Community Columns

Help needed for Valley children with PTSD from gang influences

Among many benefits bequeathed to us by popular media, we can count national discontentment over disparities in wealth, education and access to opportunity.

Independent Latino researchers gather to study social issues that affect the Latino population. One of many is the underdocumented but increasing number of undiagnosed or misdiagnosed children suffering post-traumatic stress disorder (PTSD).

While the general public recognizes that Latino residents living in high crime areas are more likely to suffer emotional trauma, little or no assistance is offered. Police departments across the country have known of these conditions for decades as a result of investigations. So-called gang experts have long known of PTSD among gang members and their families, as well as their victims.

While police departments treat officers and their families for symptoms of PTSD, society has ignored the suffering of children in gang families. These innocent children were literally born into a combat zone and were often forcibly removed by Child Protective Services, then placed into foster care or with relatives. Many of these children have been misdiagnosed with ADHD, masking the real problem. The trauma of PTSD is known to cause learning disabilities that interfere with learning basic skills such as reading, writing and math. All public schools receiving federal funds are obliged to offer services to those with learning disabilities.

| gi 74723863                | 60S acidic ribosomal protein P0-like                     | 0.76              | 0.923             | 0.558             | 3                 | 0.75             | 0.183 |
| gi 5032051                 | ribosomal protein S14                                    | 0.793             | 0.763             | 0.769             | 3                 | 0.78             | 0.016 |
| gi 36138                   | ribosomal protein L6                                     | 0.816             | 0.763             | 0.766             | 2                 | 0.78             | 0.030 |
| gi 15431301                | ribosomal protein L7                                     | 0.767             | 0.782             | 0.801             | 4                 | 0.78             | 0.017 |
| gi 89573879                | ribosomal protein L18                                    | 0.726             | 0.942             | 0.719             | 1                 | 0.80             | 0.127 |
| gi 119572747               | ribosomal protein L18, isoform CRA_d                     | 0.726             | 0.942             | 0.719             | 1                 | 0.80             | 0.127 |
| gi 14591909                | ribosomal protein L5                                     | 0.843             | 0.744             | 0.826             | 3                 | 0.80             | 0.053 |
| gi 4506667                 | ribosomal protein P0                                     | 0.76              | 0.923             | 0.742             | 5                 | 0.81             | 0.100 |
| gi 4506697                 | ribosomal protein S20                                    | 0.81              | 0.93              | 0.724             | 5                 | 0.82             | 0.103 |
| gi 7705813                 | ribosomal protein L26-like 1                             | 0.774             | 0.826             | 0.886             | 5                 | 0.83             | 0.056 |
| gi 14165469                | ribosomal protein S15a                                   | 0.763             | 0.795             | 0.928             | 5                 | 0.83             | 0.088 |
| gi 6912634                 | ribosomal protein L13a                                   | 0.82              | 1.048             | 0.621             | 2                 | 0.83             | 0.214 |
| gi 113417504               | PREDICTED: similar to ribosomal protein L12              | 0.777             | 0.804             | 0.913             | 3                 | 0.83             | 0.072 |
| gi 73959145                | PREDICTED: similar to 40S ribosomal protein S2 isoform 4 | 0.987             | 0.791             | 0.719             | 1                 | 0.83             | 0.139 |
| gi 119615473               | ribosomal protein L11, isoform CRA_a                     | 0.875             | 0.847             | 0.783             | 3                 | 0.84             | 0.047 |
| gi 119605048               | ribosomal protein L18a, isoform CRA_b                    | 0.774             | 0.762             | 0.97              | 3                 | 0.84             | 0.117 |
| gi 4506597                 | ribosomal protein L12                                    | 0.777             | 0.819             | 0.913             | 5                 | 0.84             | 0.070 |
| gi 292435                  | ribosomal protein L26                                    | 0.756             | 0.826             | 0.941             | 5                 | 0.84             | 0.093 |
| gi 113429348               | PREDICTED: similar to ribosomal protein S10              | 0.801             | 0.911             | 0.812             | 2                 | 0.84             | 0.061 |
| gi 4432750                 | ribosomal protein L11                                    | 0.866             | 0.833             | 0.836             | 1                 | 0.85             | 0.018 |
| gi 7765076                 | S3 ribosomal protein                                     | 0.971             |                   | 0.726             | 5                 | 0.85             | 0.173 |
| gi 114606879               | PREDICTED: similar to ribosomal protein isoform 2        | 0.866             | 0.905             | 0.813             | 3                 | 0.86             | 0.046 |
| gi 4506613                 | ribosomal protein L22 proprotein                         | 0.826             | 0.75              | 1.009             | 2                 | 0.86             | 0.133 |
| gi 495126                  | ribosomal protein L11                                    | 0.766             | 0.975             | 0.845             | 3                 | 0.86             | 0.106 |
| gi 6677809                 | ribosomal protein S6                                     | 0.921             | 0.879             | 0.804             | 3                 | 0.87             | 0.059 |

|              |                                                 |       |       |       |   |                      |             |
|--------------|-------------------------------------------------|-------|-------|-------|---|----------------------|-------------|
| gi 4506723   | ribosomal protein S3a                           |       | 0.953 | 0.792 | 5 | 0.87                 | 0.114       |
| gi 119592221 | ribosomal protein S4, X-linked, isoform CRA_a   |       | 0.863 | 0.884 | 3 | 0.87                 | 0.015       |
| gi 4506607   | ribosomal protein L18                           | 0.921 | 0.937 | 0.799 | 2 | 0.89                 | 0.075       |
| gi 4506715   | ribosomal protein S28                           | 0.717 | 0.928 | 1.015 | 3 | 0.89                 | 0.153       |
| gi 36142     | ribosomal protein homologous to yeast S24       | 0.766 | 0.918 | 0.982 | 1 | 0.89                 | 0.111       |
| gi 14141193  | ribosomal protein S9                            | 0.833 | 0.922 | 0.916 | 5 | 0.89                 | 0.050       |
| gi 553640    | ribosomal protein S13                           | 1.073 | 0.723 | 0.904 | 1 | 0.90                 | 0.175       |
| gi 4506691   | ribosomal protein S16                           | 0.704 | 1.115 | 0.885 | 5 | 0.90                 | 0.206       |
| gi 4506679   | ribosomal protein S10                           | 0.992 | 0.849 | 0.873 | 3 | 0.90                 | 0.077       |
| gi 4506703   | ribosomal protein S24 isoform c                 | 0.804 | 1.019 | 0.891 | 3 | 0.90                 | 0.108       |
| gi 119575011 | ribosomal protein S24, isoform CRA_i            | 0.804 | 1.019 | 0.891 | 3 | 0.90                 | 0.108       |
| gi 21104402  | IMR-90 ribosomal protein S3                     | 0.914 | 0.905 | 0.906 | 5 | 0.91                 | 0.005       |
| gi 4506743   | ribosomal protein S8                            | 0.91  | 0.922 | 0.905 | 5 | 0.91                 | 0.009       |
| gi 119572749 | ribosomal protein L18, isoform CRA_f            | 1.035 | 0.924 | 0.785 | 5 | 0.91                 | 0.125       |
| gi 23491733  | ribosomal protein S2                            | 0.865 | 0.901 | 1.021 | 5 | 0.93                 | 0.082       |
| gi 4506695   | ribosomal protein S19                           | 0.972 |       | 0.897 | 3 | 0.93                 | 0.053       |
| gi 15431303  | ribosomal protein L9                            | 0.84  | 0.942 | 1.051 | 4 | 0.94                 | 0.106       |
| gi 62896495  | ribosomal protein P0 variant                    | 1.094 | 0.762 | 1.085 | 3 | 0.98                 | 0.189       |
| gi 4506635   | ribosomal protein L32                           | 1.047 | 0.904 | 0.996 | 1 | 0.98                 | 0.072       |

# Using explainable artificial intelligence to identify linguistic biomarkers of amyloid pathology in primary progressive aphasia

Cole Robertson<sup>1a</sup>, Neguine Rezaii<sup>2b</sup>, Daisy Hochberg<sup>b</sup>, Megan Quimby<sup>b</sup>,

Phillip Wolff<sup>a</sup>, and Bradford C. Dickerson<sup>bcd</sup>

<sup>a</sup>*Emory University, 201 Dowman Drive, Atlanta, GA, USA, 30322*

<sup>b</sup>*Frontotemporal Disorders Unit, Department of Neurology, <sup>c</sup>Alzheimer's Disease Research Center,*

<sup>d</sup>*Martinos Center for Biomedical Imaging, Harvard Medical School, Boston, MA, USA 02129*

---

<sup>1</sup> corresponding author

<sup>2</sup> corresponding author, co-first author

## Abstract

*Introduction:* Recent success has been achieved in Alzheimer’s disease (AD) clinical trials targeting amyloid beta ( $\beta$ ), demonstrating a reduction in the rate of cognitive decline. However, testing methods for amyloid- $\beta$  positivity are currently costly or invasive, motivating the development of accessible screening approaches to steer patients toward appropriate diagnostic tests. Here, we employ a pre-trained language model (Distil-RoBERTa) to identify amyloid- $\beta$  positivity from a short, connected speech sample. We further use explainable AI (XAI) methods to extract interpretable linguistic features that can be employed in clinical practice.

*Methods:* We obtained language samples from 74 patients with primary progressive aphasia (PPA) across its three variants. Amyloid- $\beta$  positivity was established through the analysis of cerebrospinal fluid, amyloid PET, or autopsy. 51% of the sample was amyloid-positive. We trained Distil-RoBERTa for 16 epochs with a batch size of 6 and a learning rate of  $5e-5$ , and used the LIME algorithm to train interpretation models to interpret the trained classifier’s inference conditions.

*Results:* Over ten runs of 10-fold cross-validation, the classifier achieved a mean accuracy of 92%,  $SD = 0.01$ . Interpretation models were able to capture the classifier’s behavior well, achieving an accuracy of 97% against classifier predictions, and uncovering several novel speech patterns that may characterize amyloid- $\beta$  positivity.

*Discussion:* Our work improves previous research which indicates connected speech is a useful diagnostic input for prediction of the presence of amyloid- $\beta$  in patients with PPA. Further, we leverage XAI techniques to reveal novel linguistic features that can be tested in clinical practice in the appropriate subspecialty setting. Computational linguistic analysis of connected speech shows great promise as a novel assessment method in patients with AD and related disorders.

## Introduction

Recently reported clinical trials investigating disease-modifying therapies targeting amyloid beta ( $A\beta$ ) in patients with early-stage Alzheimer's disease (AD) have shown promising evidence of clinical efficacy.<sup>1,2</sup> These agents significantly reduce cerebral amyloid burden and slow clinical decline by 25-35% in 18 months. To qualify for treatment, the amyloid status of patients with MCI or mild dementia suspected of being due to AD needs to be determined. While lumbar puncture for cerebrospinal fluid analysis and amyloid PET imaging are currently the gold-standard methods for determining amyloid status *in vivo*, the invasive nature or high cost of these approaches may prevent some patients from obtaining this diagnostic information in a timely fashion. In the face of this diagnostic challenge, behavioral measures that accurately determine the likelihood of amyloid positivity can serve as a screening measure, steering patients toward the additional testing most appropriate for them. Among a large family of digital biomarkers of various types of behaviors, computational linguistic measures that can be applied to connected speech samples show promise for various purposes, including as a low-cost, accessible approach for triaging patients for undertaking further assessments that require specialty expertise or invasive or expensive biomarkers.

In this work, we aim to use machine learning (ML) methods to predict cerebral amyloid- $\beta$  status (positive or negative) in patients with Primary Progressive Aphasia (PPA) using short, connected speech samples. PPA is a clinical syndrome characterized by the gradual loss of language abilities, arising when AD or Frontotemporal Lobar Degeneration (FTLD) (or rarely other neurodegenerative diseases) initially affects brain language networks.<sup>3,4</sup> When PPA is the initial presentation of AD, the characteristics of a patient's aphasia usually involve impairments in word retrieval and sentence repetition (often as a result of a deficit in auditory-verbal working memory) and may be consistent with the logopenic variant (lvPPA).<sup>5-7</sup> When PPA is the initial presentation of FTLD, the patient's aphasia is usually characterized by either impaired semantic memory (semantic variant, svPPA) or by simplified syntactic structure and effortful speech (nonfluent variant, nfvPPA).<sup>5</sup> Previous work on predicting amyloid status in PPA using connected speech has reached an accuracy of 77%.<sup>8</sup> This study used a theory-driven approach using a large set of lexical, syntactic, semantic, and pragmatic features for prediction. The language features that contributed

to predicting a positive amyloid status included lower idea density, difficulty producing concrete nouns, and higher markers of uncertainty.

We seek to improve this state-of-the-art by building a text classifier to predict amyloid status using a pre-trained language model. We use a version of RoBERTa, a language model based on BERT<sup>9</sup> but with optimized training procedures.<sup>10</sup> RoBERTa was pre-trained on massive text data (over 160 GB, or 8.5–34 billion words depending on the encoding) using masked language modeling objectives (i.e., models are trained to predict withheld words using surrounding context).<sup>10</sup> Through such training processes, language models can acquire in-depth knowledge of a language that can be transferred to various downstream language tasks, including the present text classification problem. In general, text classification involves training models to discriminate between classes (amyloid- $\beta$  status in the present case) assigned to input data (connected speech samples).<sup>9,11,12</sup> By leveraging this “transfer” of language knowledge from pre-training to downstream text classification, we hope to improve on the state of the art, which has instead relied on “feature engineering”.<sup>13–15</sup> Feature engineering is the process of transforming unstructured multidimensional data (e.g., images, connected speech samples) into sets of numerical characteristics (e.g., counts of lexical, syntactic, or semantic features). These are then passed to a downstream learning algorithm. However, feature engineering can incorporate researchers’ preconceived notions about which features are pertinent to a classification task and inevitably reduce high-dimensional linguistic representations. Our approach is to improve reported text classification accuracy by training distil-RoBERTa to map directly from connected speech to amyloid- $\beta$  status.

Latino children in Modesto, Stockton, Fresno and other Central Valley towns often are underidentified and misdiagnosed. Little or no research is being conducted in this area.

Children with PTSD are in desperate need of 504 designation, where plans are developed to help disabled children succeed in school. Such plans often grant extra time to complete schoolwork. The New York Times reports that white students make up 42% of 504 designations, and Asian students as much as 49%, while black and Hispanic students make up only 22%.

In poverty stricken areas, few if any students are identified as in need of extra time or other accommodations to do well in school. Usually coming from single parent families, these children are in desperate need of advocacy. As long as such questions are ignored or deliberately overlooked by Central Valley social service agencies, the problem will continue. It does reflect attitudes that provided fertile ground for the recently exposed college admission scandal.

Students with 504 designations usually receive better scores on tests and are more often offered a place in specialized schools. As in all cases of preferential treatment, each side has experts who present their arguments. As with the admissions scandal, it’s white and wealthy parents gaming the system in order to give their kids additional advantages.

Jorge Martinez, a former deputy sheriff, lives in Newman. He wrote this commentary for The Modesto Bee.

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